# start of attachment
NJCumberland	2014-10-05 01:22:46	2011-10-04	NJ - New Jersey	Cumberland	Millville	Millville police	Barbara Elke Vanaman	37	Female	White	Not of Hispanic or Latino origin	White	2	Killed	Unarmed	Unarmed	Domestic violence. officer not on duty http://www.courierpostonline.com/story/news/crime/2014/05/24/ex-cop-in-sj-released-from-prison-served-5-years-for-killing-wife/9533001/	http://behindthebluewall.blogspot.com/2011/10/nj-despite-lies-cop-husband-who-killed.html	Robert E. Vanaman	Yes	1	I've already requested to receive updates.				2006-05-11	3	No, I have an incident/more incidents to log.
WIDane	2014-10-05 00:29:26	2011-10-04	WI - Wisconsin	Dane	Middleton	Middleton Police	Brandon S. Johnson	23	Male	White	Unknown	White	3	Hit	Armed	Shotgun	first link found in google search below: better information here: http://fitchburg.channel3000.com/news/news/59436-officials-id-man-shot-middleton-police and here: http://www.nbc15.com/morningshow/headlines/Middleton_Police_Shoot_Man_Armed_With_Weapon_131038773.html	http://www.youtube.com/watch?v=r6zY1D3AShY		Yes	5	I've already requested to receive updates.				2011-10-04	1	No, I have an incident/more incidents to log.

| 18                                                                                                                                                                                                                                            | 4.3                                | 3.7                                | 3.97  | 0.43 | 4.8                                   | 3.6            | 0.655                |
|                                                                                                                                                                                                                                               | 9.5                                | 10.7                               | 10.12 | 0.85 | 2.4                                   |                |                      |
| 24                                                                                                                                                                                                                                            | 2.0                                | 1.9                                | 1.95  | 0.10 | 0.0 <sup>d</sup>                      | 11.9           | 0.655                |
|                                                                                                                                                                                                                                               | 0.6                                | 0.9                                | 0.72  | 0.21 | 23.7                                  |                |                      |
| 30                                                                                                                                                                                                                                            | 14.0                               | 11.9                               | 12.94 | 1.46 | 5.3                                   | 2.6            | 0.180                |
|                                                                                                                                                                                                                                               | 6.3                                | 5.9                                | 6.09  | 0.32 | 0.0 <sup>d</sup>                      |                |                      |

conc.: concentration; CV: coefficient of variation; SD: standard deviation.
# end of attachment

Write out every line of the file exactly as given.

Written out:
NJCumberland	2014-10-05 01:22:46	2011-10-04	NJ - New Jersey	Cumberland	Millville	Millville police	Barbara Elke Vanaman	37	Female	White	Not of Hispanic or Latino origin	White	2	Killed	Unarmed	Unarmed	Domestic violence. officer not on duty http://www.courierpostonline.com/story/news/crime/2014/05/24/ex-cop-in-sj-released-from-prison-served-5-years-for-killing-wife/9533001/	http://behindthebluewall.blogspot.com/2011/10/nj-despite-lies-cop-husband-who-killed.html	Robert E. Vanaman	Yes	1	I've already requested to receive updates.				2006-05-11	3	No, I have an incident/more incidents to log.
WIDane	2014-10-05 00:29:26	2011-10-04	WI - Wisconsin	Dane	Middleton	Middleton Police	Brandon S. Johnson	23	Male	White	Unknown	White	3	Hit	Armed	Shotgun	first link found in google search below: better information here: http://fitchburg.channel3000.com/news/news/59436-officials-id-man-shot-middleton-police and here: http://www.nbc15.com/morningshow/headlines/Middleton_Police_Shoot_Man_Armed_With_Weapon_131038773.html	http://www.youtube.com/watch?v=r6zY1D3AShY		Yes	5	I've already requested to receive updates.				2011-10-04	1	No, I have an incident/more incidents to log.

| 18                                                                                                                                                                                                                                            | 4.3                                | 3.7                                | 3.97  | 0.43 | 4.8                                   | 3.6            | 0.655                |
|                                                                                                                                                                                                                                               | 9.5                                | 10.7                               | 10.12 | 0.85 | 2.4                                   |                |                      |
| 24                                                                                                                                                                                                                                            | 2.0                                | 1.9                                | 1.95  | 0.10 | 0.0 <sup>d</sup>                      | 11.9           | 0.655                |
|                                                                                                                                                                                                                                               | 0.6                                | 0.9                                | 0.72  | 0.21 | 23.7                                  |                |                      |
| 30                                                                                                                                                                                                                                            | 14.0                               | 11.9                               | 12.94 | 1.46 | 5.3                                   | 2.6            | 0.180                |
|                                                                                                                                                                                                                                               | 6.3                                | 5.9                                | 6.09  | 0.32 | 0.0 <sup>d</sup>                      |                |                      |

conc.: concentration; CV: coefficient of variation; SD: standard deviation.